curving across the cheeks and forehead, such as are reported to be the self-inflicted adornment of certain tribesmen, the small wounds pricked with a thorn and rubbed with sand to make them more pronounced when healed. His eyes were as Creff had described them, the lids drawn together to form two slits over the slightly protuberant spheres of the eyes behind them. I did not find this as disconcerting as the more excitable Creff had; indeed, the grave, unsmiling expression lent a calm dignity to the stranger’s presence. Whatever savagery might have remained in his breast was well concealed under the expensive cut of his clothing. “Mr Dower.” He spoke distinctly but softly, the thin lips barely moving apart. “I am. The son, that is.” I always made this emendation to those who might have known my father only through his creations, in an effort to forestall any disappointment in my own inferior services. “The founder of the business is deceased.” “My condolences I extend.” An unplaceable accent revealed itself in his speech. His slight bow allowed the gas bracket’s light to graze the equally dark and polished curve of his skull. “Two years have passed. The grief has ebbed a little, I believe.” My own words mocked my true feelings, as they often did when I spoke of my father. How grieve over a man one has never known, no matter how intimate the connection? I stepped behind the .shop’s counter and spread my hands upon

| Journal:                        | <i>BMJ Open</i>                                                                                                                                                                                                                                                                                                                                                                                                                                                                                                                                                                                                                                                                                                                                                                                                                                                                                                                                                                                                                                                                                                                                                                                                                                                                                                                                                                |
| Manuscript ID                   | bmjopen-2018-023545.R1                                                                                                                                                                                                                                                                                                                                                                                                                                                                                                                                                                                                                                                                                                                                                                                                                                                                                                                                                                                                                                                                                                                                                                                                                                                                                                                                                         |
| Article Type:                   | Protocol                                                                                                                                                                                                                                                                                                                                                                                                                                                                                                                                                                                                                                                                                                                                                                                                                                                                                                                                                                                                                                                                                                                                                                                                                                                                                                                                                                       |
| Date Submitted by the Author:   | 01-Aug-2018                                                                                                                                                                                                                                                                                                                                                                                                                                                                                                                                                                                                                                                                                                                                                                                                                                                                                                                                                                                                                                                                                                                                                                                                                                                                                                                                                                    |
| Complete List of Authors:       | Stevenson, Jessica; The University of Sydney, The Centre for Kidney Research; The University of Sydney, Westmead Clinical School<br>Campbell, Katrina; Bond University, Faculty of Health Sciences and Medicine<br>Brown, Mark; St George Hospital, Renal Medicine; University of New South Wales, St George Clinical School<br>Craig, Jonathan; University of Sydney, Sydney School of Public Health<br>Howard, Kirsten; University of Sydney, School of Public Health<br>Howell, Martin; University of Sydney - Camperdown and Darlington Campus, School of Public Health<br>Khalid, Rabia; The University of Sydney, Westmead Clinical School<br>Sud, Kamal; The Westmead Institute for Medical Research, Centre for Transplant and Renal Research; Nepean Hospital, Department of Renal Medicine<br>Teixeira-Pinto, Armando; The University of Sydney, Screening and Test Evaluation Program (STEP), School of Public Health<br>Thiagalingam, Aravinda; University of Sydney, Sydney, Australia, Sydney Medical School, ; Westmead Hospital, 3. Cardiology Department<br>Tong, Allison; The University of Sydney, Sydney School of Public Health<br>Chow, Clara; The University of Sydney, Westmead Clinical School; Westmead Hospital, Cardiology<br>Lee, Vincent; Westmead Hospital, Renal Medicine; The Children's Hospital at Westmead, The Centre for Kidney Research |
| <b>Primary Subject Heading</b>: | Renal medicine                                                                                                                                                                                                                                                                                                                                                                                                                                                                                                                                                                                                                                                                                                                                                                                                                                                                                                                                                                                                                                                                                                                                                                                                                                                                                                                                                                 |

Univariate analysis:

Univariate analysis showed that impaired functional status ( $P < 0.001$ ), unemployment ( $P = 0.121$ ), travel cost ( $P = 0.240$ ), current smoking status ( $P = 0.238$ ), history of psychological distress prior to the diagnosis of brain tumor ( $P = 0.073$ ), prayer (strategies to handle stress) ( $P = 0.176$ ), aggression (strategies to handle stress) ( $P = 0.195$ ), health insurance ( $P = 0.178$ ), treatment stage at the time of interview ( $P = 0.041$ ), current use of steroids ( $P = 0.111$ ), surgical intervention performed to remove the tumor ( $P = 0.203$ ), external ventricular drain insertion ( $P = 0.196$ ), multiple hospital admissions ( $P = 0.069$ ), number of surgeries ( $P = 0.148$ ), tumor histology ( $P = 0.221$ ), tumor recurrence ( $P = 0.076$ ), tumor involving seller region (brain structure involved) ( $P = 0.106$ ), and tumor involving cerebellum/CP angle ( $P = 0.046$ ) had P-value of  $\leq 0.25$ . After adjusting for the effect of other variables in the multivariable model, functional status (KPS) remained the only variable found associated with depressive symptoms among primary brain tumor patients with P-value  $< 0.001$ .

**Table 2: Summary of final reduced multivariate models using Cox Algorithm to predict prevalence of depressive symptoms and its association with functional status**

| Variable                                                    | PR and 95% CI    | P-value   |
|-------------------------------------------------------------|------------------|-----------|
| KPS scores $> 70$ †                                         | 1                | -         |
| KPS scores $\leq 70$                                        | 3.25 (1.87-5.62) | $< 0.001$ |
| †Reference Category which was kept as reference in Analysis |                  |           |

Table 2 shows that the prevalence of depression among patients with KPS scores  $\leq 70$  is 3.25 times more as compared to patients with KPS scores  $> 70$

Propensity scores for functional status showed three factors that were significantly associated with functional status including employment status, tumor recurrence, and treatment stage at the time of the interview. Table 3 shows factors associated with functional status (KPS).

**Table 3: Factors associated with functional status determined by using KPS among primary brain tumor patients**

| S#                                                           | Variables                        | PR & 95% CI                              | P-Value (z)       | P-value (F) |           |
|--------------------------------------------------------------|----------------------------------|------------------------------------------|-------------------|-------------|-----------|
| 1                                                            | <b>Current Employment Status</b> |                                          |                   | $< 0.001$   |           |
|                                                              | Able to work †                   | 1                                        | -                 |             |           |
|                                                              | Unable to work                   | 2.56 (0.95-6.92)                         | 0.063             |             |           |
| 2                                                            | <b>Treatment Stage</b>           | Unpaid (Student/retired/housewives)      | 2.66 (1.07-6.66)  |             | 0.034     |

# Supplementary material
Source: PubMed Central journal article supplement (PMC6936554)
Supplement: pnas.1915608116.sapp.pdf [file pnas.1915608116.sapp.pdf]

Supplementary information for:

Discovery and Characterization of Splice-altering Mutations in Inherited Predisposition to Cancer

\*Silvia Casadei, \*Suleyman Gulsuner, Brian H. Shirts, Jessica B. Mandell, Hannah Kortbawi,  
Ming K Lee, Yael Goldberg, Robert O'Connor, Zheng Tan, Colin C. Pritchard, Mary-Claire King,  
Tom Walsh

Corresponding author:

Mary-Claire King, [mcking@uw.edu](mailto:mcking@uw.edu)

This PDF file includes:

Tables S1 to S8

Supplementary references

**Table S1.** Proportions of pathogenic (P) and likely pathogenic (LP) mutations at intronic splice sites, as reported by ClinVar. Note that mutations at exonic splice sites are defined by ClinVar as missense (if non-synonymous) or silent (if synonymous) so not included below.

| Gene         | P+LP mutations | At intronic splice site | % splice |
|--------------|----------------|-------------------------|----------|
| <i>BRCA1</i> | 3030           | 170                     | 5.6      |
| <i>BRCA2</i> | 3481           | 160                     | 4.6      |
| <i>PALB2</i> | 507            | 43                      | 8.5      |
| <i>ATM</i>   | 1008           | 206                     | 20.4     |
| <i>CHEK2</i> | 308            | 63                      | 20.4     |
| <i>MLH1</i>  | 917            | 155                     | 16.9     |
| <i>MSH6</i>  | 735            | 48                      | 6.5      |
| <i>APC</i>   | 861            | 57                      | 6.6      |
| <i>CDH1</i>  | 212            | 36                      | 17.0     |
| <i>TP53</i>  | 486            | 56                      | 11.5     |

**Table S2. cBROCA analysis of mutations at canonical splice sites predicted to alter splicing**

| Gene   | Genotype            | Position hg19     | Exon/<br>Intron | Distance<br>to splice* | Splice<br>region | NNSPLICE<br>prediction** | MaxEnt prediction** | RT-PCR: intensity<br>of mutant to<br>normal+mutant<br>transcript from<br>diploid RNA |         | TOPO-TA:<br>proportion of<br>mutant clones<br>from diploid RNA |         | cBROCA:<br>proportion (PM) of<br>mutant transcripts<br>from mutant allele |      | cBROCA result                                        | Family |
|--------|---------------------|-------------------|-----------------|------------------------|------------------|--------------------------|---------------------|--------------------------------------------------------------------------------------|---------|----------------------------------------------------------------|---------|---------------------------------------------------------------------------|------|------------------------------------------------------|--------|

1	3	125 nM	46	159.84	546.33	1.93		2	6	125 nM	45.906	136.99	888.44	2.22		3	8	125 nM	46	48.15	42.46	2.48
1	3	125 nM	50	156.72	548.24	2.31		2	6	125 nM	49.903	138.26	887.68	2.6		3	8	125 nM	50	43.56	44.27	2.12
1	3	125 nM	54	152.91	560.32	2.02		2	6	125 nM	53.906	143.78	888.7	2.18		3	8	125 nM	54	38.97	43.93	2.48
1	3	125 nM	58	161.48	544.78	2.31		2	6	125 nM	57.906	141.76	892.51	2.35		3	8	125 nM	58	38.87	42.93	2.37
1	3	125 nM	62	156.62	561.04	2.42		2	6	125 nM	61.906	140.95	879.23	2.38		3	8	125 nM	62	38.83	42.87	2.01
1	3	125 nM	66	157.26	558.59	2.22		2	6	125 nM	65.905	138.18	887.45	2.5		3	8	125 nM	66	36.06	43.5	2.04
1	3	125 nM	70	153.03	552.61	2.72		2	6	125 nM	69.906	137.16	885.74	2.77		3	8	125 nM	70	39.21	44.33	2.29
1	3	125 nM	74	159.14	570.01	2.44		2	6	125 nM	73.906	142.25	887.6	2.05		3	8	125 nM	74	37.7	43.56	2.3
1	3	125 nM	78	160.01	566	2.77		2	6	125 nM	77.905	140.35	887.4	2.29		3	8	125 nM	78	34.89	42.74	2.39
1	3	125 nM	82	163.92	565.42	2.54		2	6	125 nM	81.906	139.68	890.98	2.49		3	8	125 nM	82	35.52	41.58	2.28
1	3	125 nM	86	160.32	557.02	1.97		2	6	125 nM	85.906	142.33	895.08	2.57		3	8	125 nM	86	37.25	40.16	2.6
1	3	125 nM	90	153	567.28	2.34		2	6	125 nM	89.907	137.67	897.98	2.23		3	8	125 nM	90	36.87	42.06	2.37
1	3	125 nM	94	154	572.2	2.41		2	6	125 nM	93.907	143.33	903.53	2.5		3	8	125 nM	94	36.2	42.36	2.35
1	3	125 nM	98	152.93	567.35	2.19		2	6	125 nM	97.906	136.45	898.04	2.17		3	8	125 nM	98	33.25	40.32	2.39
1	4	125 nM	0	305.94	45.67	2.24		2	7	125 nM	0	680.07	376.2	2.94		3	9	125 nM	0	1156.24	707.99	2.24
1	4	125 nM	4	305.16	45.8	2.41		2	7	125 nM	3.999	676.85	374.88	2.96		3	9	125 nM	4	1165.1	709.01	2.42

it. “Now to business, Mr… ah…” Through observation of my neighbours I had cultivated the tradesman’s obsequious smile. “I have the pleasure of addressing…?” The gentleman ignored my forays towards his name, and produced a paper-wrapped parcel from the crook of one arm. Placing it on the counter between us, the Brown Leather Man (as I had already begun to identify him in my thoughts) undid the knotted cord and pushed aside the paper with his dark hands. “I was a client of your late father,” he said. “For me he built this, upon my commission. Some element of disorder has entered its workings, and I seek to employ you in the setting right of it.” The last of the wrappings fell away. “What is it?” I asked. My eyes turned upward at the Brown Leather Man’s silence, and found the narrow slits studying me with an unnerving intensity. In relief I looked back down to what lay before me. A mahogany box a little over a foot in length, half that in its other dimensions; a pair of brass hinges faced me. With one finger I attempted to swivel the box around, but the surprising weight of it kept it motionless upon the counter. I was forced to grasp it with both hands in order to turn it about. I unlatched the simple brass hasp and tilted the box’s lid open. My heart sank within me as I looked down at the intricate anatomy of the device. This feeling of despair was not unfamiliar to me; it often welled up at the sight of one of my father’s creations. His genius had not been limited to the pro-